Jack Levine: A true Thanks-Giving celebration


Volunteers serve Thanksgiving dinner at the St. Francis House, in Gainesville.

File photo
Published: Thursday, November 22, 2012 at 5:00 a.m.
Last Modified: Wednesday, November 21, 2012 at 9:37 a.m.

As we prepare to celebrate Thanksgiving, let's remember that the holiday's name is a compound word: Thanks and Giving.

Each of us has much to be thankful for; our lives, families, friendships, and hopefully, work that fulfills us. Thanking those who we love, admire, depend upon, and have work relationships with is important, but too infrequently expressed.

While we're already inundated with ads for holiday gift-giving, here are ten Thanks-Giving thoughts to share with family members, friends and colleagues: Gifts from the heart.

1. Let's share our bounty with those with less. Consider the gift of one week's grocery bill donated to a community food bank, domestic violence or homeless shelter, a child health charity or foster parent association, hospice, veteran's support organization as a token of appreciation for what we have, and what others do for the less fortunate.

2 Express our gratitude in word and deed to those who care for others as a profession or as volunteers. Give compliment for the good works of caregivers for our children and frail elders especially at holiday time.

3 Respect our elected officials for their service. We don't have to agree with all of their policies, but we should respect their service, and hold them accountable for their actions...or lack of action.

4 Give time to a worthy cause. Our volunteer investments for the benefit of others build community and create a great example for our children. Spectatorism is relaxing, but our community's needs can be addressed, in part, by sharing our energy. Volunteerism is time and talent philanthropy!

5 Conserve resources by consuming less fuel, reusing, and recycling. Native American culture considered our planet as a parent, worthy of respect and protection. Preserving our environment is self-preservation, as well as a life-saving gift to wildlife, plant-life, and our children's children.

6 Slow down. Whether behind the steering wheel or in conversation with others, speed is not a good thing. Being in a perpetual hurry endangers our lives on the road, and cuts short our relationships with others. Actively listen and show others that positive attention is a gift worth giving.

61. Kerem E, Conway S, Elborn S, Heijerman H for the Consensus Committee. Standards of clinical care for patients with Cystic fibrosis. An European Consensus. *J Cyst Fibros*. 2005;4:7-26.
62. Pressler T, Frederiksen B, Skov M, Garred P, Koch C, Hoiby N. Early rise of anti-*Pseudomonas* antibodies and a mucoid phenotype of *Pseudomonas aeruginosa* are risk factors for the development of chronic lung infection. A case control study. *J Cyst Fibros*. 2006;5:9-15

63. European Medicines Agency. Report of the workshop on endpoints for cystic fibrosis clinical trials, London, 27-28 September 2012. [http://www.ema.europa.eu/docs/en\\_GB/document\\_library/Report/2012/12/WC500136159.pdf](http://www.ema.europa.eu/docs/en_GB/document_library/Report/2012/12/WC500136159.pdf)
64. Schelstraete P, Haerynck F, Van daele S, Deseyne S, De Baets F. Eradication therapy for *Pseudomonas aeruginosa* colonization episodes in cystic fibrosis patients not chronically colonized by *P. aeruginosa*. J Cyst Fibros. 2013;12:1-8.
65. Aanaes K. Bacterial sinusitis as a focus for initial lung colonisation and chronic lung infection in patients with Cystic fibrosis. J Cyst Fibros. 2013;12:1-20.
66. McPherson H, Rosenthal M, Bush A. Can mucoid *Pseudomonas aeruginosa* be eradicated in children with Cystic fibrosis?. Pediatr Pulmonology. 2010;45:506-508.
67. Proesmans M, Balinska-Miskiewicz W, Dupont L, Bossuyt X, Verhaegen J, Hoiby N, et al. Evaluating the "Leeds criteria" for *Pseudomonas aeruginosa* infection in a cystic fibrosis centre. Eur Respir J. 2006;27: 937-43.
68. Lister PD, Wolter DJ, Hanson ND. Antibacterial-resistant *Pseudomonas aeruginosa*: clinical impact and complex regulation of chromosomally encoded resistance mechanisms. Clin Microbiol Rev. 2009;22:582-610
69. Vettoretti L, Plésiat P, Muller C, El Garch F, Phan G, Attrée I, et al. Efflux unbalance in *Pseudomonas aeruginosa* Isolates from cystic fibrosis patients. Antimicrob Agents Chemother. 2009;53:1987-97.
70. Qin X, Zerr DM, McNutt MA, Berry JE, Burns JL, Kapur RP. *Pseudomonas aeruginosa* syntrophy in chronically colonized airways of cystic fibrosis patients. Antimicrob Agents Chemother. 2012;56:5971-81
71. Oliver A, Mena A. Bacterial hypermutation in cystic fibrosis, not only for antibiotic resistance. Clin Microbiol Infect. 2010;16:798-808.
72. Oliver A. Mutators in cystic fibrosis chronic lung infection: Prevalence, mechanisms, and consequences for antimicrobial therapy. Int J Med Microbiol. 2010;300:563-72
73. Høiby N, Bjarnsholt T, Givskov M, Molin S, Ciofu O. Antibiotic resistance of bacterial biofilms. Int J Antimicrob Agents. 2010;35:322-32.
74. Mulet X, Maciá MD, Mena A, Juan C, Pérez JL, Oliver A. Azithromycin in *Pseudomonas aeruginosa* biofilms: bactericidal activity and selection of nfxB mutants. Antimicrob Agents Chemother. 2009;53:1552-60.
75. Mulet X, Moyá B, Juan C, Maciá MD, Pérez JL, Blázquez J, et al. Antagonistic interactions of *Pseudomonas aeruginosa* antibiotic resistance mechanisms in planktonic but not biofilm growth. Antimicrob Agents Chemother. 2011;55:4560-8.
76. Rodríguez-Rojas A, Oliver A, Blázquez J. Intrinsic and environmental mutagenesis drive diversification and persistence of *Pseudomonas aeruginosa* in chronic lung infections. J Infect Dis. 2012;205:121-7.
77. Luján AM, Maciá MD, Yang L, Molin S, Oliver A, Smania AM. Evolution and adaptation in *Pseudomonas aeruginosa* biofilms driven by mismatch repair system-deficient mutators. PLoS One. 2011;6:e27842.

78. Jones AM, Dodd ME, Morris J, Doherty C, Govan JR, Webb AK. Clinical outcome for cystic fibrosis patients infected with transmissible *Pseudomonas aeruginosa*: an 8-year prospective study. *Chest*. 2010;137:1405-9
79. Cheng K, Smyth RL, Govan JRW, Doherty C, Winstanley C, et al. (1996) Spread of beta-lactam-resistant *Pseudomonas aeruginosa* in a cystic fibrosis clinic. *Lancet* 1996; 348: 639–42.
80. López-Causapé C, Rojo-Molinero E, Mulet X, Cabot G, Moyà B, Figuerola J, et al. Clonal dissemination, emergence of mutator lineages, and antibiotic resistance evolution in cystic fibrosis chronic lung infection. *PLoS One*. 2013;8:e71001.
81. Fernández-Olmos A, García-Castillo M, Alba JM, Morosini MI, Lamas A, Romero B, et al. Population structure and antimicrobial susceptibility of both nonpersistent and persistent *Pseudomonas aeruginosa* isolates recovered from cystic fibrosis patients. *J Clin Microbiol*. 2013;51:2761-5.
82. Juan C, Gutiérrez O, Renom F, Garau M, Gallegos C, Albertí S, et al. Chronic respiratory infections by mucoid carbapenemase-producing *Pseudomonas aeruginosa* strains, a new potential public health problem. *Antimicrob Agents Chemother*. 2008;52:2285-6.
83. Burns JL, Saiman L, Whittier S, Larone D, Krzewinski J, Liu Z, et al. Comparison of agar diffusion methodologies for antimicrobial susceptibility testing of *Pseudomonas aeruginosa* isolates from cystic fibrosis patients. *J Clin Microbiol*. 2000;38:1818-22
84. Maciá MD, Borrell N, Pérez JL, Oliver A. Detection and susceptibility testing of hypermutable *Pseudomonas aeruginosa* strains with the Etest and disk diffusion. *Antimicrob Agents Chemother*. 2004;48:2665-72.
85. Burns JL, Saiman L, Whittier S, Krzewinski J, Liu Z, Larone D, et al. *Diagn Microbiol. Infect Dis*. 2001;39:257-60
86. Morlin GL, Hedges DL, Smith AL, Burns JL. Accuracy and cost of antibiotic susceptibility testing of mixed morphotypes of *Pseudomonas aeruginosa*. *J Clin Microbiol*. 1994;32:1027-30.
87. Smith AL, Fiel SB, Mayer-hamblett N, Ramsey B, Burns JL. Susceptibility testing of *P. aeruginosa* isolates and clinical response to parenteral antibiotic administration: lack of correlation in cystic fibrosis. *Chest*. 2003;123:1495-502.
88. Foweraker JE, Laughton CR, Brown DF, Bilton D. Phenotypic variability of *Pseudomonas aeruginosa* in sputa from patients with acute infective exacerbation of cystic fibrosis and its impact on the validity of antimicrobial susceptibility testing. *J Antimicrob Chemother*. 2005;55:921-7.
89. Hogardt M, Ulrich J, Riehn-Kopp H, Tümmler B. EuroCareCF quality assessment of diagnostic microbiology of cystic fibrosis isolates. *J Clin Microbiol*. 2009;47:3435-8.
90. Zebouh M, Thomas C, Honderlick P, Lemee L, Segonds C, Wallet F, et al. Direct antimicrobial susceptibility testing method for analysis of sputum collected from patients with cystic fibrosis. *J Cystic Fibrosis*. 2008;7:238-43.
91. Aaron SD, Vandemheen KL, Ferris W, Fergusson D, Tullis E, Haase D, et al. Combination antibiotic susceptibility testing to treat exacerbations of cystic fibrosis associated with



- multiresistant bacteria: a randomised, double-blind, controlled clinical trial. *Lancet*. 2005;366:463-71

7 Put technology in its place. We live in a high-tech, low-touch culture, governed by the beeps, buzzes, and blinking lights of technology. As time is compressed, stress grows. Our children need to know that our eye contact and voices are focused on their needs, too. Cell phones, pagers, and e-mail should not keep our loved ones on hold.

8 Advocate with assertion, not aggression. Free speech is not an invitation to be offensive. Responsible advocacy requires thoughtful strategy, practical solutions, and effective conversation. Clear and consistent communication with allies and adversaries alike sets the stage for progress.

9 Health is a form of wealth. Making sure we eat right, exercise, and take time to rest and relax are the keys to clear thinking and long-term effectiveness. Our bodies cannot support us unless our minds resolve to take care and be careful.

10 Take optimism pills every morning...the time-release kind. Negativity is contagious. Those who believe they will make a difference can achieve their goals. Pessimism is the mind's way of giving up before the first step is taken. The power of one, multiplied and magnified, is the only correct formula for progress.

Holidays remind us that bridges across the generations are built upon the stanchions of memory. We who recall the glow of candlelight reflecting the faces at our grandparents' table understand how vital heritage is for appreciating who came before us and who we are. For those whose childhoods were less than ideal, we have the opportunity to assist others to have a more joyous future.

As we plan for the holiday season, let's realize that there are neighbors, young and elder, whose weeks ahead are not brimming with joy. For whatever reason, in whatever circumstance, we know that there are people in need who can be helped if we choose to do so.

In honor and remembrance a family member who was there for you when you needed them most, please thank and support those who illuminate our paths, exemplify kindness, teach justice, and nurture our futures. What a fitting tribute to the legacy of our ancestors.

Jack Levine, a family policy advocate, is founder of 4Generations Institute, an initiative to bridge the generations for mutual benefit. He may be reached at jack@4Gen.org

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